Terry Mejdrich

Prone to allergies? Chances are you were raised in a somewhat ‘sterile’ environment or at least one where close attention was paid to avoidance of bacteria and the general run-of-the-mill pollen and microscopic critters that inhabit the world around us.  This is why, on average, people raised in urban areas tend to have more allergies than people raised in rural areas. But what is the connection? Carrying this a step further, people in developed countries tend to have more problems with allergies and allergic reactions than people who are from poorer undeveloped or developing countries. Studies show with more development and wealth comes more problems with allergens and certain pathogens.  This seems counterintuitive but there is a sound explanation.

The reason: people from rural areas have a more or less continuous low-level exposure to allergens and bacteria that stimulates the body to create ‘resistance’ to them via antibodies and other natural defenses. So there builds in the individual a host of protective measures that tend to mediate the effects of potential pathogens, a process that does not happen if one is not exposed to them especially during ones younger years. It is possible, it seems, to be too clean.  

New research has determined a curious link between certain oral (mouth) bacteria, bacteria killing mouthwashes, and heart health. In one study people who used the antiseptic forms of mouthwash had slightly higher blood pressure compared to a control group who were given mouthwash but without the antiseptic quality. So there is a link between certain beneficial oral bacteria and your heart.  Why do we use mouthwash in the first place? The main reason is to clear ‘bad breath’, but originally mouthwash did not contain any antiseptic quality. But then we found out there were jillions of bacteria swimming around in our saliva and of course all bacteria were bad so people freaked out.  The facts are if you have healthy clean teeth and gums, the ‘good’ bacteria will take care of the ‘bad’.  

Overuse of antibacterial soap also is the shotgun approach to controlling bacteria. It does not discriminate between the good and the bad. This is not to say that antibacterial soap should be abandoned altogether as it is effective for hand washing, but as a general body soap it may be doing more harm than good.

Which brings us to the final thought. It may come as a surprise but there are people who never use soap at all.  And not because they are poor or because of cultural or religious mandates. They do wash frequently but only scrub with plain water. Plain water will not kill the literally billions of bacteria that make your skin their home. Yet most surprisingly of all, these people do not ‘smell funny’, to put it politely.  What we call ‘body odor’ is the result of the activity of certain bacteria. So this seems a contradiction. These people are loaded with bacteria and yet do not elicit revulsion via the olfactory senses of their companions.  How is that possible?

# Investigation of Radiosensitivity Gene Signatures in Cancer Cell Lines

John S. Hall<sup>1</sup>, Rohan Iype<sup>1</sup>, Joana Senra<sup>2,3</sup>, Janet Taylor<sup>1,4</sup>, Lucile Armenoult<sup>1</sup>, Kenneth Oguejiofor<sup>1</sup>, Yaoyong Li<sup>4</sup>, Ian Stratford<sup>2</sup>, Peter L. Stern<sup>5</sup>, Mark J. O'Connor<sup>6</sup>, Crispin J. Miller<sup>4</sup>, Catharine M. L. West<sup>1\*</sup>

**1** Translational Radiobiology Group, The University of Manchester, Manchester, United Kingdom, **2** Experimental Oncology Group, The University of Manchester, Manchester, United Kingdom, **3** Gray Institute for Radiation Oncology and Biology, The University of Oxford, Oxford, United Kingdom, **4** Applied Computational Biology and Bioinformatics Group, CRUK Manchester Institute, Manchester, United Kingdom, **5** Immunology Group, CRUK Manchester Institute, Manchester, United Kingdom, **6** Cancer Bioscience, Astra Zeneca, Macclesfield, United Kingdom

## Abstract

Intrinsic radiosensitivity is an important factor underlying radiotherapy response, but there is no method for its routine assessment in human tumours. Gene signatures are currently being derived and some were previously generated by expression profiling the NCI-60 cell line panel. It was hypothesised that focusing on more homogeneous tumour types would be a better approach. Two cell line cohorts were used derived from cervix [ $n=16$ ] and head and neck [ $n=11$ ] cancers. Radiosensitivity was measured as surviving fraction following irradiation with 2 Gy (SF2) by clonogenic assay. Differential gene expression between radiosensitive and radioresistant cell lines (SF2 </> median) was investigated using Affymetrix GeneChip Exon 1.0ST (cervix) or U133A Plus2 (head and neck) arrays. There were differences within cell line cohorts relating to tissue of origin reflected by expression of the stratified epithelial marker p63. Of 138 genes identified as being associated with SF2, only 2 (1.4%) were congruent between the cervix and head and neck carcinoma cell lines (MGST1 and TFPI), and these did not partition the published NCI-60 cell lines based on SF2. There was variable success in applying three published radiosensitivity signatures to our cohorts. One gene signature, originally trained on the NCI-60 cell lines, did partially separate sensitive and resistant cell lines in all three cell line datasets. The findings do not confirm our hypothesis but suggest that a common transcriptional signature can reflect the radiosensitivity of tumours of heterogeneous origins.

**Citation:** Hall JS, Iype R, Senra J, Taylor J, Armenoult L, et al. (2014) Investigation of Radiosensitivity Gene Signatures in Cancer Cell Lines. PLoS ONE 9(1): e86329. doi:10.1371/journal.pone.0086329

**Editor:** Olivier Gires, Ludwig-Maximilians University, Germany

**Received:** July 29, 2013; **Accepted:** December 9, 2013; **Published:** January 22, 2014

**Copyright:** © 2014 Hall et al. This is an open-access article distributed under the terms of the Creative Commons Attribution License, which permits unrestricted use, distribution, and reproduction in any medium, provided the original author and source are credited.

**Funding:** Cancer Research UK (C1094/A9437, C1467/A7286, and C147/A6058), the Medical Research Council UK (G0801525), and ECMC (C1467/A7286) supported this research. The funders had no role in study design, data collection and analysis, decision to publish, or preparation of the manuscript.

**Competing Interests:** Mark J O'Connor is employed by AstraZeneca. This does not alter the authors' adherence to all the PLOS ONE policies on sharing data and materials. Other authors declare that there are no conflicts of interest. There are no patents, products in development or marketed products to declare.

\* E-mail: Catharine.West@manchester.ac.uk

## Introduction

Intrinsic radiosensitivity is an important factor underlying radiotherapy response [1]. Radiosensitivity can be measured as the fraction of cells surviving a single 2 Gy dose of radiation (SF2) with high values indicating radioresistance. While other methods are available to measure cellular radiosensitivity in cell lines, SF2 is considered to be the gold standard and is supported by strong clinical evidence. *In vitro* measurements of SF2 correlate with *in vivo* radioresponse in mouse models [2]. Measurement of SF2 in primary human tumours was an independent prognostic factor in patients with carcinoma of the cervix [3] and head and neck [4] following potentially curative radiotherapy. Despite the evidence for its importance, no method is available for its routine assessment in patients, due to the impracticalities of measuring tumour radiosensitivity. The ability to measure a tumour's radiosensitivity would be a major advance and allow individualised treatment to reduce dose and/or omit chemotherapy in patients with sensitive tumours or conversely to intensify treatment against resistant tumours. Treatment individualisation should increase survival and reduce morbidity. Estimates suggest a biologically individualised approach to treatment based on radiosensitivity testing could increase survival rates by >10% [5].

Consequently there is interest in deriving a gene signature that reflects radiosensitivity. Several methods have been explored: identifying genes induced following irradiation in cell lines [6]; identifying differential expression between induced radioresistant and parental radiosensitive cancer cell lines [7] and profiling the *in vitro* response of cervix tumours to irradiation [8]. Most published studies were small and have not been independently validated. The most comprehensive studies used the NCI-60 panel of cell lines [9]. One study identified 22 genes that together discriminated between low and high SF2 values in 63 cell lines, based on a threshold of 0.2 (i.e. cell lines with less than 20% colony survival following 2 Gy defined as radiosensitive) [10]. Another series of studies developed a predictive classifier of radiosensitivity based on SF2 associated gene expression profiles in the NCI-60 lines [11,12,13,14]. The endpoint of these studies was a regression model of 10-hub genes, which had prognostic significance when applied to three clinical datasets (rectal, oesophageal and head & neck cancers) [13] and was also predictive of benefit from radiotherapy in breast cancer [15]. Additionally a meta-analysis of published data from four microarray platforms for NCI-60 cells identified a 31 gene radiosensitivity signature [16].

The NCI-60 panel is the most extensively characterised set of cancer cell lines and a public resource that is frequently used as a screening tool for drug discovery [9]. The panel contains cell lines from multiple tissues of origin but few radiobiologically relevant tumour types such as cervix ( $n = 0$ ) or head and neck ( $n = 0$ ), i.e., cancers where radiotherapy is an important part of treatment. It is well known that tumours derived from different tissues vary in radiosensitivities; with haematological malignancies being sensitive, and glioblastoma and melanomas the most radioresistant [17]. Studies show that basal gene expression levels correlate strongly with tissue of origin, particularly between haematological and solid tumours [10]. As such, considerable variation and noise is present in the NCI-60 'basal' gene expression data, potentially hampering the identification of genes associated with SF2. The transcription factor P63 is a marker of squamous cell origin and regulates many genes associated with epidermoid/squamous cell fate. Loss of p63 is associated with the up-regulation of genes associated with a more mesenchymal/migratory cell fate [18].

To help explain think of your body as a walking ecosystem loaded with all sorts of microscopic critters.  There are more individual ‘alien’ organisms on and in an average body then there are human cells in an entire person.  Before you panic understand that you could not survive without most of them. They ensure the digestion of food for starters. There is also an army of the ‘good’ bacteria on your skin keeping the ‘bad’ bacteria in check. The antibacterial soaps briefly kill both, and if the ‘bad’ guys regroup before the ‘good’, you may develop anything from a mild rash to life-threatening digestive issues.  So why don’t these people who don’t use soap smell ‘funny’?  A few reasons. It encompasses an entire life style. They eat a healthy diet low in processed starchy foods and sugar.  Yes, certain types of processed foods increase your ‘smell factor’.  They do wash regularly with water mainly to remove dirt and normal body waste products from the skin and airborne contaminants. They drink a lot of sugar free liquids. The result: the bacteria in and on their bodies, particularly on their skin, reaches a healthy balance between the hundreds of different types of bacteria that live there.  Their bodies, then, do not smell ‘good’ or ‘bad’ but neutral.

Thinking of trying this approach? Understand that this is not a promotion. It is simply information.  Run it past your health professional first. There may be sound medical reasons for not going this route. But humans did not evolve using soap of any kind and were not even aware of bacteria, and for most of human existence, when we washed, if we washed at all, we only used water. 

 

Email Terry Mejdrich at mejdrichto@yahoo.com.

 

 

 

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